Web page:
Is an Environmental Science Degree Worth it? [Pros & Factors to Consider]

Are you considering pursuing an environmental science degree, but not sure if it’s worth your time and money? Well, you’re in luck! We’re about to dive into the nitty-gritty of whether an environmental science degree is worth the investment.

Before we begin, let’s get one thing straight: the planet is in trouble, and we need all the help we can get. So if saving the earth and protecting its precious resources is something you’re passionate about, then an environmental science degree might just be the perfect fit for you.

But let’s be real, going back to school is a big commitment and not a decision to be taken lightly. There are numerous factors to consider, like the cost of tuition, the length of the program, and of course, the job prospects after graduation.

So, is an environmental science degree worth it? Let’s find out together!

The Pros of an Environmental Science Degree

Preparation for a Career in the Environmental Sector

Firstly, let’s talk about what exactly an Environmental Science degree is. Essentially, it’s a multidisciplinary degree that combines elements of biology, chemistry, physics, geology, and other natural sciences to understand how the Earth’s systems work and how human activity affects them.

It’s a fascinating field covering a wide range of topics, from climate change to conservation and pollution.

But here’s the real question: how does an Environmental Science degree prepare you for a career in the environmental sector? The short answer is: very well!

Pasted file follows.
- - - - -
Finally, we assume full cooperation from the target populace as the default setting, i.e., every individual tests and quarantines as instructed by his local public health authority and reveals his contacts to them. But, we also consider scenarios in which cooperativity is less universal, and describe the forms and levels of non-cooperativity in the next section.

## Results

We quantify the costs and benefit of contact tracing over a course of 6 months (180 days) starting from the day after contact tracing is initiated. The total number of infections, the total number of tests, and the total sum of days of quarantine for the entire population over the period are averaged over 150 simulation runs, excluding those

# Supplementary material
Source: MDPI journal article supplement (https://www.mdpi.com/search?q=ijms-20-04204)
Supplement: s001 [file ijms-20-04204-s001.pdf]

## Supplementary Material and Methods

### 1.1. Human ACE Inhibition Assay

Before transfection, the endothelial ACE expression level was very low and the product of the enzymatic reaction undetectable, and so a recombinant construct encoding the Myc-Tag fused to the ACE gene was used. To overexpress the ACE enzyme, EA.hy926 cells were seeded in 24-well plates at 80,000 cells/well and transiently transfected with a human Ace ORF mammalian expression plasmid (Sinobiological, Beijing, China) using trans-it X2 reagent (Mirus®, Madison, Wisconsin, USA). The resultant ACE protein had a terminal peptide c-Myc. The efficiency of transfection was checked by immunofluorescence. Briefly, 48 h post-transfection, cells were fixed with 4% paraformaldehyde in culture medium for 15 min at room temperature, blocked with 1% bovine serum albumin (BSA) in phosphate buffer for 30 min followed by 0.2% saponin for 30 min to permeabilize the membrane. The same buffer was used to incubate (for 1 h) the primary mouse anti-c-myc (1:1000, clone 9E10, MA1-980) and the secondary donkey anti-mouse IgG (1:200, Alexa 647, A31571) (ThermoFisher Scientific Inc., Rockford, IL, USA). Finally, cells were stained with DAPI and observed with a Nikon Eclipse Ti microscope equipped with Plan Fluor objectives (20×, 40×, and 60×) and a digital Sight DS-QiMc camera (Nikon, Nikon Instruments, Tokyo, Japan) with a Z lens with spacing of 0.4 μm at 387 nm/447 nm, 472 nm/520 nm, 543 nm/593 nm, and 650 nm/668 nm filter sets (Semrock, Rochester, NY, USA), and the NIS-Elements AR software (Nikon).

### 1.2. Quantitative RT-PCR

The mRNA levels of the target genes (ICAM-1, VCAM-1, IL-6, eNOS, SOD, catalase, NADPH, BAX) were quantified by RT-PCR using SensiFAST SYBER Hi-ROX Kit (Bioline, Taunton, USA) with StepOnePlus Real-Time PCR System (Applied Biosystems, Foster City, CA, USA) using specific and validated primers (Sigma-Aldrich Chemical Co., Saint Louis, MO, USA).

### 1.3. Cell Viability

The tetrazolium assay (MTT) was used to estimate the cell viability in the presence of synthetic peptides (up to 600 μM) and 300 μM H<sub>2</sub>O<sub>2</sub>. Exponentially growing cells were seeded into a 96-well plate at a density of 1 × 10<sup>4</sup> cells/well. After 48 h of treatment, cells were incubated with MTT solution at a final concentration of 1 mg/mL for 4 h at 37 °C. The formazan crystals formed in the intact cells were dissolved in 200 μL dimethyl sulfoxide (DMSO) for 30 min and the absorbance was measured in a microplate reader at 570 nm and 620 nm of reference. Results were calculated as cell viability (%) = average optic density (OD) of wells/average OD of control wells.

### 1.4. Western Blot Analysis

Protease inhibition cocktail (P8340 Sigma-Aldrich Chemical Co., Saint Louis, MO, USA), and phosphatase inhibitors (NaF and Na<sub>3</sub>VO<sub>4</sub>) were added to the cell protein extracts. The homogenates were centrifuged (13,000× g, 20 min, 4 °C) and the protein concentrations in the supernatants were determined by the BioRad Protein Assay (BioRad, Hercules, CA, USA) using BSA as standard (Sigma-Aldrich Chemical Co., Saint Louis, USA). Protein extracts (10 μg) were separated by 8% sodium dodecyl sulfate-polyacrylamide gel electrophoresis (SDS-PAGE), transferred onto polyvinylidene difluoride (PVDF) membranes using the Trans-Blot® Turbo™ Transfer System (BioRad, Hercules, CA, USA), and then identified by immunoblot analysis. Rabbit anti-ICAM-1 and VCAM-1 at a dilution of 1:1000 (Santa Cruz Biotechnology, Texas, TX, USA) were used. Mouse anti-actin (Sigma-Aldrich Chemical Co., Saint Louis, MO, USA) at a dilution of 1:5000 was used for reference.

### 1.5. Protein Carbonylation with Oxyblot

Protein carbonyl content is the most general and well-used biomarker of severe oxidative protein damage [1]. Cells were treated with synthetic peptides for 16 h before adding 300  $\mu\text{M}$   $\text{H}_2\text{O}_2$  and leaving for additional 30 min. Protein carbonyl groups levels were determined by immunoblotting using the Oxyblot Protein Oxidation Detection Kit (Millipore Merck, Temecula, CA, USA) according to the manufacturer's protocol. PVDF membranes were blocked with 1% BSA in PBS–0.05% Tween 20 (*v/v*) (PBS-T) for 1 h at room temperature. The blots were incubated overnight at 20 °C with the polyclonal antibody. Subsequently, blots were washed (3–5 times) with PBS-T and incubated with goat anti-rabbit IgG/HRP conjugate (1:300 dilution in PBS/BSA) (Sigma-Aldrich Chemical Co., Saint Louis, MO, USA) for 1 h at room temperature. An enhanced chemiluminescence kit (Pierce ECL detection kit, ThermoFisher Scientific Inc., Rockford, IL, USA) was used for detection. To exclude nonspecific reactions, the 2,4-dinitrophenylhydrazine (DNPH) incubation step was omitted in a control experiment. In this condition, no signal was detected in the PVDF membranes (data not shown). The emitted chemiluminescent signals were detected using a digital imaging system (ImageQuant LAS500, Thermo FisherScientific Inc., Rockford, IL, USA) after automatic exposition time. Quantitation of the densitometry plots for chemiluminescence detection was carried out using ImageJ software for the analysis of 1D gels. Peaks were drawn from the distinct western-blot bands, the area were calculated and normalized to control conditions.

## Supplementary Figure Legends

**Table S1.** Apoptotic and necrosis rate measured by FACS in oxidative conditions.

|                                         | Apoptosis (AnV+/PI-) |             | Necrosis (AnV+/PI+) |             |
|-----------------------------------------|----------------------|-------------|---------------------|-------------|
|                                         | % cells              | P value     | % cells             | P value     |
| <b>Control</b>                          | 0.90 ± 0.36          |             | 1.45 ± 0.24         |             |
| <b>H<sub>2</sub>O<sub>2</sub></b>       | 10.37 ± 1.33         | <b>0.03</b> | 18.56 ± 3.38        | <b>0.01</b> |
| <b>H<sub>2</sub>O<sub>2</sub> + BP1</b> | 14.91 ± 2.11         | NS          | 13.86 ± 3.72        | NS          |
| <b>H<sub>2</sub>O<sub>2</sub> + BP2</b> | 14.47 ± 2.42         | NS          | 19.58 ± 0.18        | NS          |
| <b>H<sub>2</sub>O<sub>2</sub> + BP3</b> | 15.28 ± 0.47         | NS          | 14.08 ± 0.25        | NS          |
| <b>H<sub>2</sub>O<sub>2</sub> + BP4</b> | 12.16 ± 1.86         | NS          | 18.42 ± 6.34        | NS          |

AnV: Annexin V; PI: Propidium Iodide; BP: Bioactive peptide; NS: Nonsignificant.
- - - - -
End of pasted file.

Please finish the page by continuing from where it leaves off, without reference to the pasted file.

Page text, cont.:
With an Environmental Science degree, you’ll have a solid foundation of knowledge in the natural sciences, as well as a specific focus on the environment. This means you’ll be well-equipped to tackle a variety of environmental issues, whether you’re working in research, policy, or on-the-ground conservation efforts.

But it’s not just about the knowledge you’ll gain – an Environmental Science degree also gives you valuable skills that are highly sought after in the environmental sector. You’ll learn to think critically, analyze data, and effectively communicate your findings.

These skills are essential for success in any field, but especially in the environmental sector, where you’ll often be working with complex and nuanced issues.

Increased knowledge & understanding of the environment

First, an Environmental Science degree will give you an increased knowledge and understanding of the environment that you just can’t get from any other degree. I mean, come on, it’s right there in the name.

You’ll learn about everything from climate change and renewable energy to biodiversity and ecosystem health. It’s a degree that will not only give you a solid understanding of the world around you, but also the tools and skills to make a real difference in protecting and preserving it.

But let’s be real – an Environmental Science degree isn’t just about saving the planet (although that’s a pretty awesome perk). It’s also a degree that can lead to a wide range of career opportunities.

Want to work in conservation? Check. Want to be a research scientist? You got it. How about a policy analyst or environmental educator? Yup, an Environmental Science degree can get you there too.

So, not only will it give you a deep understanding of the environment and the issues facing it, but it will also open up a world of career possibilities. Plus, you’ll get to save the planet while you’re at it. How cool is that?

Good Salary

So, how about the earning potential for environmental science degree graduates? Well, let me tell you – it’s not too shabby.

First off, bear in mind that salaries in the field of Environmental Science can vary widely depending on various factors- such as your level of education, job title, and location.

That being said, according to the Bureau of Labor Statistics (BLS), the median annual wage for Environmental Scientists and Specialists was $76,530 as of May 2021.

But here’s the thing – an Environmental Science degree can lead to diverse career paths, and each one comes with its own earning potential.